We started the first year with a couple of events located primary in Europe. Right away we had a huge audience. These were events with kids under the age of 17, and suddenly we had 100,000 views by putting them live on the Internet.
I could tell you that it didn’t cost any money, but that is not true. We looked for production companies who would be crazy enough to join us and shoot events all day long. And we decided social media would be the platform to distribute the content. There was no way we wanted to go over-the-top. It costs a lot of money to stream, host and archive your videos. Social media is actually paying for all this. The platforms do not charge any money.
Social media is the place we needed to be. To achieve that, we built a multi-cast platform—a piece of hardware that can take your feed and distribute it to as many destinations as you want. We built it, and it cost almost nothing. These platforms are now very popular in eSports—you have platforms that cost a couple of bucks a month. So don’t build your own—look for a solution online.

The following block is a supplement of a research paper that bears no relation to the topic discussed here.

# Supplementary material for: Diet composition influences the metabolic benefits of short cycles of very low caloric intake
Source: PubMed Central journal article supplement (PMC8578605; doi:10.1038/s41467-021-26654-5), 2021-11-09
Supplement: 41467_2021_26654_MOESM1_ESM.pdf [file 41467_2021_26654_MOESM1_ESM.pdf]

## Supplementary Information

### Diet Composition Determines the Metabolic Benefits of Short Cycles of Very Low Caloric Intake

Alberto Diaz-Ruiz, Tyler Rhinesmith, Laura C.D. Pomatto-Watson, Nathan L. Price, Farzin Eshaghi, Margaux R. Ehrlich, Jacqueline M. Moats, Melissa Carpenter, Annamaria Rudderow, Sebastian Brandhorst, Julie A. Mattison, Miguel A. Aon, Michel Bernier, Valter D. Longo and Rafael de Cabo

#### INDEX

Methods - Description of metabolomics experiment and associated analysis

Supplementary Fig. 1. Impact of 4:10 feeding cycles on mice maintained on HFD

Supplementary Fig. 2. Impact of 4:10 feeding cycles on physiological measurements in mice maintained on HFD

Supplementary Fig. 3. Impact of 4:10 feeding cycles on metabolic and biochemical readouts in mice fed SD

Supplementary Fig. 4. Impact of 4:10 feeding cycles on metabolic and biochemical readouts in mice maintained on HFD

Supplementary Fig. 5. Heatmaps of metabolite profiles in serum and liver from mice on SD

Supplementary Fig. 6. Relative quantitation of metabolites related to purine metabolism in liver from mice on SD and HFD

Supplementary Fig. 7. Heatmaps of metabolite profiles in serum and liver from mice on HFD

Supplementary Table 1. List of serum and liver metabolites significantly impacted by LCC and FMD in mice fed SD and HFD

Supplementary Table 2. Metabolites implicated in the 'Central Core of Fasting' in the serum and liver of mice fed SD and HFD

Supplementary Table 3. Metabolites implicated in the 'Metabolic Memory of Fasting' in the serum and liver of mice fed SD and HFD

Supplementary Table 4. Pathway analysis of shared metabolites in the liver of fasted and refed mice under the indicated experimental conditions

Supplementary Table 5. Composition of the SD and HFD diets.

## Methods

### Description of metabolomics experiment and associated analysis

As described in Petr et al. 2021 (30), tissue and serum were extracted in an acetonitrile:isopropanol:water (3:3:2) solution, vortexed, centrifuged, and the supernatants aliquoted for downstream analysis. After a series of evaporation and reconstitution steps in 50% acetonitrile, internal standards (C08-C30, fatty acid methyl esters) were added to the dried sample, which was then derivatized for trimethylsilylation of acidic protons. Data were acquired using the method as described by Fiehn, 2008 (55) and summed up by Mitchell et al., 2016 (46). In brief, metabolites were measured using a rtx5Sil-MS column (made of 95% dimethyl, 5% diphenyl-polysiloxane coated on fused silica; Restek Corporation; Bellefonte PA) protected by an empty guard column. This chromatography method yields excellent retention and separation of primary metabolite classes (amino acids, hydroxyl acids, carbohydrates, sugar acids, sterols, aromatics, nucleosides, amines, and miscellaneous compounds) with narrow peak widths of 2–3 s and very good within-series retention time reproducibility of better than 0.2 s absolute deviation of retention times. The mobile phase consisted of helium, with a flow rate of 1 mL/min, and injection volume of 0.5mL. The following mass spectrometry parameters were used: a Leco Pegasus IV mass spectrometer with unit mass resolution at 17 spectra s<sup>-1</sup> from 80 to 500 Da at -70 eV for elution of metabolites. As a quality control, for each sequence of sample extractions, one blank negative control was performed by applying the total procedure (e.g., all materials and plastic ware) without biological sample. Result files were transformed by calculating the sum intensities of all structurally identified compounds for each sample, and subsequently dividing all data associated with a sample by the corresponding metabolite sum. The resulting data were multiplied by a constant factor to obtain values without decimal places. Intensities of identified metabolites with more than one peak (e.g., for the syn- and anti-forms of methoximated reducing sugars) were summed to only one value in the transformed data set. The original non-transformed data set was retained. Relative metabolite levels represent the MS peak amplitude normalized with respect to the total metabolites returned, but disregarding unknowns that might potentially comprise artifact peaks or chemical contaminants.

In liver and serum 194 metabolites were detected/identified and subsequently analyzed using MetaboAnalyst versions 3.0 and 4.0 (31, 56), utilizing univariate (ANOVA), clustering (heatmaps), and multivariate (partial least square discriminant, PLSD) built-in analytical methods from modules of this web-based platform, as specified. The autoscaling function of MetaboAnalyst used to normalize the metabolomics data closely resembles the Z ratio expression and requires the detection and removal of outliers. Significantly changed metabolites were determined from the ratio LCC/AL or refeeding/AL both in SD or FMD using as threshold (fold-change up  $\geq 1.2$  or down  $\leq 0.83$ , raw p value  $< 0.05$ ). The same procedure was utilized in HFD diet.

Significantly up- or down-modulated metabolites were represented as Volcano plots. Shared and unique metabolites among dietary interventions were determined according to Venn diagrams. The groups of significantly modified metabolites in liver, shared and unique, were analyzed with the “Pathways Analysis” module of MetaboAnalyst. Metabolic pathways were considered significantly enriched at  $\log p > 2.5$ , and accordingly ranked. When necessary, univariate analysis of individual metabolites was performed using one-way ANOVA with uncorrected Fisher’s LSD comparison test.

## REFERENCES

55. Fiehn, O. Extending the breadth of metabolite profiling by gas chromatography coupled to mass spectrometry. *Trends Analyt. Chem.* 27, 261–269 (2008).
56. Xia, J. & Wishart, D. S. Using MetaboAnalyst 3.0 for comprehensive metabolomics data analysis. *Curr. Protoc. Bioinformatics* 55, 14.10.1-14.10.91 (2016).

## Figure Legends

We have live streamed games in 46 countries. The majority are in Europe where we run most of our events, but we have also done some in Africa, which I’m extremely proud of.
Results exceed expectations
- 18 million views
- 97 days of free basketball
- 78 percent of views from youth competitions